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Tide Bite: The virus that changed the tree of life

By Victoria Foe

Originally posted in Friday Harbor Labs Tide Bite

I came to FHL in 2000 to study cell division, to take advantage of sea urchins, starfish and sand dollars whose huge, transparent, permeable and easy-to-handle eggs make them ideal subjects for this work. Local species have eggs that ripen at different times, providing an almost year-round source of perfect research material. For marine cell experiments, FHL’s floating groundwater are the “lab benches” that landlocked cell scientists can only dream of.

Then in 2013, the Seaver Institute gave me the opportunity to address a question that haunted me since my graduate studies: does DNA replication activate the expression of new genes? If so, it would provide an elegant mechanism forcing embryonic development to take place at the same time as cell division. To answer it, you had to look directly at DNA and RNA under an electron microscope, and thousands of hours of searching for DNA tangles for the rare cases where DNA and RNA synthesis had collided. . I will write a future Tide Bite on what I discovered. But this bite is taken from a related review that I just finished. In this time of the COVID-19 pandemic, it is also a reminder that it is great disasters that can lead to great transformations.

This story is about another virus that turned the world upside down. Like coronaviruses, this transformer used RNA, not DNA, as genetic material. The events in question happened about two billion years ago, when life was simpler. At that time, Earth was home to only two of the three domains of life: bacteria and ever more sophisticated archaea. Organisms in these two domains are single-celled beings, with small DNA genomes, no discrete nucleus, and limited possibilities. At that time, there were no beautiful diatoms, no slippery amoebae, no captive algae, no starfish, no octopus, no grasses, no trees, no tree frogs, no birds, no mammals.

The genes that a bacterial or Archean cell uses to conduct its small affairs are short enough and few in number that they all fit like beads on a circular chromosome. These wired together information units are individually activated as needed and transcribed into messenger RNAs (mRNAs) – transportable cassettes – each of which directs the synthesis of a specific protein.

We do not know which species fell prey to the virus. Or even if the disease has attacked one or more species. But we are fairly sure that the pathogen was a group II retro-transposon (Rogozin et al. 2012, Lambowitz and Zimmerly 2004). When it infects its victim, a retrotransposon presents its mRNA-like genome for translation and the host innocently translates it, mistaking it for one of their own. This malicious piece of code contains instructions for doing reverse transcriptase and integrase. Reverse transcriptase makes a reverse copy of viral RNA into DNA. Integrase inserts viral DNA transparently into the host’s gene collar. Unlike coronaviruses, retrotransposon infections are usually permanent, as viral DNA – once integrated – is rarely lost from the host chromosome. As a result, the host and its offspring must now repair, replicate, and transcribe the parasite’s DNA with their own, much like a lark feeds the cuckoo chick in its nest, but in perpetuity. To ensure that newly transcribed copies of itself are released to infect other cells and other sites on the host’s chromosome, the retrotransposon RNA contains two special sequences: the first is molecular scissor folds capable of cutting RNA molecules at specific sites. The second, formed by bringing the two ends of the viral RNA into contact, creates the sequence that these scissors recognize. Thus, the vicious and infectious virus dissects itself from the host’s mRNA. In the process, the host’s own transcripts are left in fragments.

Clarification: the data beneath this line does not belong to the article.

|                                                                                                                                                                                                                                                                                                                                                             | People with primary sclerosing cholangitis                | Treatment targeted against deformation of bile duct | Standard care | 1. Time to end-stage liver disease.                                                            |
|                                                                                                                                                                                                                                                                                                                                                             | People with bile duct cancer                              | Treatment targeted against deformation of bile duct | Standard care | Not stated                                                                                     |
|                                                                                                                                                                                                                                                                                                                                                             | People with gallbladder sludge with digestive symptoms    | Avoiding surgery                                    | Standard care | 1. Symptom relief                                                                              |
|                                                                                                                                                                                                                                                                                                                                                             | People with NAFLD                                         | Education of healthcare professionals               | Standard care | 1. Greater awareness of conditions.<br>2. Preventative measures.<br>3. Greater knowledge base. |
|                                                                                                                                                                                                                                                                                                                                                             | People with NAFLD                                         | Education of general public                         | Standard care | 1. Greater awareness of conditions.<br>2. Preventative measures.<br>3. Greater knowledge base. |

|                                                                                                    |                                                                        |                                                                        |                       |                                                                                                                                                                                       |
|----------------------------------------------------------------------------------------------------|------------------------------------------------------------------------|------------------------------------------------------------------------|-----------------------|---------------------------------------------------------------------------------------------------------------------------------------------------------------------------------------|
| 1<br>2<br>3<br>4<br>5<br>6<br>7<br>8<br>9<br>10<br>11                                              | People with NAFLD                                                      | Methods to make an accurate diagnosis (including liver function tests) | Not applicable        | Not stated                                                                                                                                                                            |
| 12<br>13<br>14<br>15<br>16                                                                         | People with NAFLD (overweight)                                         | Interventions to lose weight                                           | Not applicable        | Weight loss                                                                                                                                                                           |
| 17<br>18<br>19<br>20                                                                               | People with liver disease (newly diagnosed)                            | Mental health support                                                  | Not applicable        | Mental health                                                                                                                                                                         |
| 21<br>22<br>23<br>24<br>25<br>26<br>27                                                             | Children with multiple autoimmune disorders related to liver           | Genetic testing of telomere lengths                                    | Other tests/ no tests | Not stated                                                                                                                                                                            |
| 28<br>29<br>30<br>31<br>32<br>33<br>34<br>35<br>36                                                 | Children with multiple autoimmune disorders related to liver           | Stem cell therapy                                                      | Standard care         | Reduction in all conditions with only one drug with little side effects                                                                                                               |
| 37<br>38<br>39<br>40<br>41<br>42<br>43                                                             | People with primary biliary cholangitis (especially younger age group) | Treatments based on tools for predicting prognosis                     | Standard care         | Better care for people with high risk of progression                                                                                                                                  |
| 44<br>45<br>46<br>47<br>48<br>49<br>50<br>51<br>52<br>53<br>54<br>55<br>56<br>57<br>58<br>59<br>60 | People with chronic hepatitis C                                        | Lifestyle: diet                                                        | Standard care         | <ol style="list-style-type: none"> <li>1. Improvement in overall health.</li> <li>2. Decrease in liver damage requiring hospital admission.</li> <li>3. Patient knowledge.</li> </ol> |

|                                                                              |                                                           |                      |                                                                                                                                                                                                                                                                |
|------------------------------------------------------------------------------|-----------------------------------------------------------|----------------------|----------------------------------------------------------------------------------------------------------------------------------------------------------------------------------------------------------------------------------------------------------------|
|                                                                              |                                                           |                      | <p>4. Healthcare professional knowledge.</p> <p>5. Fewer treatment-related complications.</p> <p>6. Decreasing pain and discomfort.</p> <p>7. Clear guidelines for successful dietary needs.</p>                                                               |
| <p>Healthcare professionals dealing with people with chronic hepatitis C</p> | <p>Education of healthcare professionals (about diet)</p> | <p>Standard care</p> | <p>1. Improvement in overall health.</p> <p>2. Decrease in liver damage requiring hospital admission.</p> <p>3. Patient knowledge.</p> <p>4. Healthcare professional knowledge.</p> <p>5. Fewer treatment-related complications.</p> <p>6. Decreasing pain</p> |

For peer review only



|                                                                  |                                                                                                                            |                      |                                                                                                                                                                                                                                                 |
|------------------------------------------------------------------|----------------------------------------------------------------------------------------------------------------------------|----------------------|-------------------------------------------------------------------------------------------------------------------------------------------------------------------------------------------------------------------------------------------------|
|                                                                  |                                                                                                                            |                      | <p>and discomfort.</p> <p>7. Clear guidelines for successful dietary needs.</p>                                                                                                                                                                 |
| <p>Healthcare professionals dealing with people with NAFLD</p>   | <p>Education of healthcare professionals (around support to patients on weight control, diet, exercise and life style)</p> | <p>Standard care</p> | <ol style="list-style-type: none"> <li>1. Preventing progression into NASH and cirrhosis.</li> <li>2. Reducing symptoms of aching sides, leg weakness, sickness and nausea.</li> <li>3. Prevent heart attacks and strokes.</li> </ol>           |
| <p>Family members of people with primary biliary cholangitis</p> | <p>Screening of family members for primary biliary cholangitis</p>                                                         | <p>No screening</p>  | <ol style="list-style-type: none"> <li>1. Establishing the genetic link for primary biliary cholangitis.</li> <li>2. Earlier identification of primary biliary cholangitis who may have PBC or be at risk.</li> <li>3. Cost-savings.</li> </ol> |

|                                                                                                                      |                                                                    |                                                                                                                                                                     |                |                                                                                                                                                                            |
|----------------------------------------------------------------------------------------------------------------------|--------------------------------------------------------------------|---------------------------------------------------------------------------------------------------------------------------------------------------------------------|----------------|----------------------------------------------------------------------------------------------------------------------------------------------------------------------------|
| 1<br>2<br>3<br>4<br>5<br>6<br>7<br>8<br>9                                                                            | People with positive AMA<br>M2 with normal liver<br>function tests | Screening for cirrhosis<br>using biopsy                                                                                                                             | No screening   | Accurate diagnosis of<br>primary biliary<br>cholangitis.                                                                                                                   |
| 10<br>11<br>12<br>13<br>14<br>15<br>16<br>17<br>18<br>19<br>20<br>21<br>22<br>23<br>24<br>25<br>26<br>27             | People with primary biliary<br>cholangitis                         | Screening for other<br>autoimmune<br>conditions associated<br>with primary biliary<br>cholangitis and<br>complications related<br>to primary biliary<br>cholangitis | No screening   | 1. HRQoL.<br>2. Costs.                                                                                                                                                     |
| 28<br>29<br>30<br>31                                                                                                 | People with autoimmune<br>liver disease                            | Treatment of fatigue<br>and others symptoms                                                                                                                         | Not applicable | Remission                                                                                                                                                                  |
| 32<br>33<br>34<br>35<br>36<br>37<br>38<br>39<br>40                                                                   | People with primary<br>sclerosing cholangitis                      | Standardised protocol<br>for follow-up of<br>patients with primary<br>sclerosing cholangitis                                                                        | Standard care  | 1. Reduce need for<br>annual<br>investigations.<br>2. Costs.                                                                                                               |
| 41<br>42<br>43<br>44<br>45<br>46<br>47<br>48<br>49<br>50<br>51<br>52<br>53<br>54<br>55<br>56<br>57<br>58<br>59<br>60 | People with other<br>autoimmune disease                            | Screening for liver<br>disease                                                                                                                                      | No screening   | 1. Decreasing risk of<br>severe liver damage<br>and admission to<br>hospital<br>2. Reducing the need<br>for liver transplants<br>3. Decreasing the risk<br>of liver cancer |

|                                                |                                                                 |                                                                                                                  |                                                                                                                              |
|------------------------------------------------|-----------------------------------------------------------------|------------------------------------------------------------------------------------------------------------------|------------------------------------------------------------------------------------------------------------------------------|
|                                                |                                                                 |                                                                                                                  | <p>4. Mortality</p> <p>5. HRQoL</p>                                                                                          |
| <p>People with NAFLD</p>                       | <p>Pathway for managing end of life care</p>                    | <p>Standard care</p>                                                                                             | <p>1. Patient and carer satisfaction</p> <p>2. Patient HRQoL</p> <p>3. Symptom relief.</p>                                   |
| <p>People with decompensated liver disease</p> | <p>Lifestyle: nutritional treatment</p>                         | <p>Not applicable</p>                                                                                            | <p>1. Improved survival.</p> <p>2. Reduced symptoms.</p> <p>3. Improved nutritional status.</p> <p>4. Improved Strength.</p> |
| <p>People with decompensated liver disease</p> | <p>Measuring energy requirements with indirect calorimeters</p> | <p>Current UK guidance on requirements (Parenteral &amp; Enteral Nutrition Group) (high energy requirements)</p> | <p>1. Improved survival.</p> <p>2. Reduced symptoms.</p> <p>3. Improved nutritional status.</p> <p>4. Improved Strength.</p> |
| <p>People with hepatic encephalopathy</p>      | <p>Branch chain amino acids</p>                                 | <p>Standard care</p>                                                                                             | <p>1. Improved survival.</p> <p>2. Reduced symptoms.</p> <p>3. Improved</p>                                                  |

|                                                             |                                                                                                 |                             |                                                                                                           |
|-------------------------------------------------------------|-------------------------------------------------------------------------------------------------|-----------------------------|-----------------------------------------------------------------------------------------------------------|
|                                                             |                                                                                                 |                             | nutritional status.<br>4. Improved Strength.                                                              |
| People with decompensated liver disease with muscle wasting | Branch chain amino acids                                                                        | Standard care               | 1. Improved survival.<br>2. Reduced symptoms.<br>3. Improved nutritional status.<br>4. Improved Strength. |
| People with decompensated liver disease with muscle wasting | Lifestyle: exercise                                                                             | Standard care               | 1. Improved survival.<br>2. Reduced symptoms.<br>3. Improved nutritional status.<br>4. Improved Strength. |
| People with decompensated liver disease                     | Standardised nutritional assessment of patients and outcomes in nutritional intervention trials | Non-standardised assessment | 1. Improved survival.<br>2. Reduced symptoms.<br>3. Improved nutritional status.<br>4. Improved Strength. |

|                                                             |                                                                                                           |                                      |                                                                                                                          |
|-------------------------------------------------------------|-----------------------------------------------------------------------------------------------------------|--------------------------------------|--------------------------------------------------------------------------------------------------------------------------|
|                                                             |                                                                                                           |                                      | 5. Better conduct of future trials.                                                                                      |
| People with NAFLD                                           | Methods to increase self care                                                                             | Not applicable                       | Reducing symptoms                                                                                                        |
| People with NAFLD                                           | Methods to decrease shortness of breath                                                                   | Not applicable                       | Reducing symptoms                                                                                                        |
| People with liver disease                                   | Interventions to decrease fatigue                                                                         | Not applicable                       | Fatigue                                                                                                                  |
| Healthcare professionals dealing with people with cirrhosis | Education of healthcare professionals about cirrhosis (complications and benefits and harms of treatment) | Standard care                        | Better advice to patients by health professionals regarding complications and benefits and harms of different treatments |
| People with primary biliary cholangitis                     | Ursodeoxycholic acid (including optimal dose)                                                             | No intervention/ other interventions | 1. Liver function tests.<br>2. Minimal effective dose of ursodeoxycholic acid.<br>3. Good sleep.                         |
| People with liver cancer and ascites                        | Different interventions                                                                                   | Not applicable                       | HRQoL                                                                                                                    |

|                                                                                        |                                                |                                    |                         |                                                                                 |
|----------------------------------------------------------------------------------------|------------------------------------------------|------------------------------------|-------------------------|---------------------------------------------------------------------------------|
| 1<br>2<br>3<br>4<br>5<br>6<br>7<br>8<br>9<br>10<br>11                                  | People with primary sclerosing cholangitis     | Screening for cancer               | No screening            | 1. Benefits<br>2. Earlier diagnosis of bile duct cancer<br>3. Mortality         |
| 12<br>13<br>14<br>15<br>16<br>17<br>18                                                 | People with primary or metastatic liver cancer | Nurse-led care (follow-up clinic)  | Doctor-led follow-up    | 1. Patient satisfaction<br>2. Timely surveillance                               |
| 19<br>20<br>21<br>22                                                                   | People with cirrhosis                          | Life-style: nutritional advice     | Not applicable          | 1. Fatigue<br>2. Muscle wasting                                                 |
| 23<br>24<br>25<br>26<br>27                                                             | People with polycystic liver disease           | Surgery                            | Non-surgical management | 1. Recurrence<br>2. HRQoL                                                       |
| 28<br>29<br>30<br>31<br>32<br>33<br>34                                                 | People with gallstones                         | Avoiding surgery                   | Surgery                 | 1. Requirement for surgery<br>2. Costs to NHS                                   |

The mutation would ultimately reduce its virulence, but not before the virus has inserted itself into its victim’s chromosome. But in doing so, it definitely changed the way the host’s offspring could regulate their genes. In the Eucarya – the third realm of life, which includes ourselves and the life forms we see all around us – the genes are enormously longer than in bacteria and archaea and are arranged in a very strange way. . And in that strangeness, the fingerprints indicative of the virus remain. Eukaryotic genes exist as many discontinuous fragments of protein coding sequences interrupted by long stretches of non-coding “junk” DNA. RNA polymerases transcribe the short sequences of coding DNA as well as the long sequences of unwanted sequences into a long, continuous piece of RNA. The production of mRNA therefore requires cutting the waste and suturing the coding sequences together. The boundaries between waste and encoding RNA are encoded by the same sequence that even current group II bacterial retrotransposons use to mark the boundaries between viral and host sequences. In eukaryotes, splicing is now done by an RNA / protein complex called a spliceosome. But the RNA fraction at the heart of the spliceosome is the same self-folding sequence that retrotransposons use as scissors (Lambowitz and Zimmerly 2004, Rogers 1990). What has changed, however, is that eukaryotes have taken over the scissors: now the pieces of coding RNA are stitched together to form the eukaryotic mRNA, and these are the stranded relics of DNA. viral – long void of contagion and slowly mutated into non-coding waste – which is cut up, broken down and recycled. Under my electron microscope, I often see this size of RNA going on.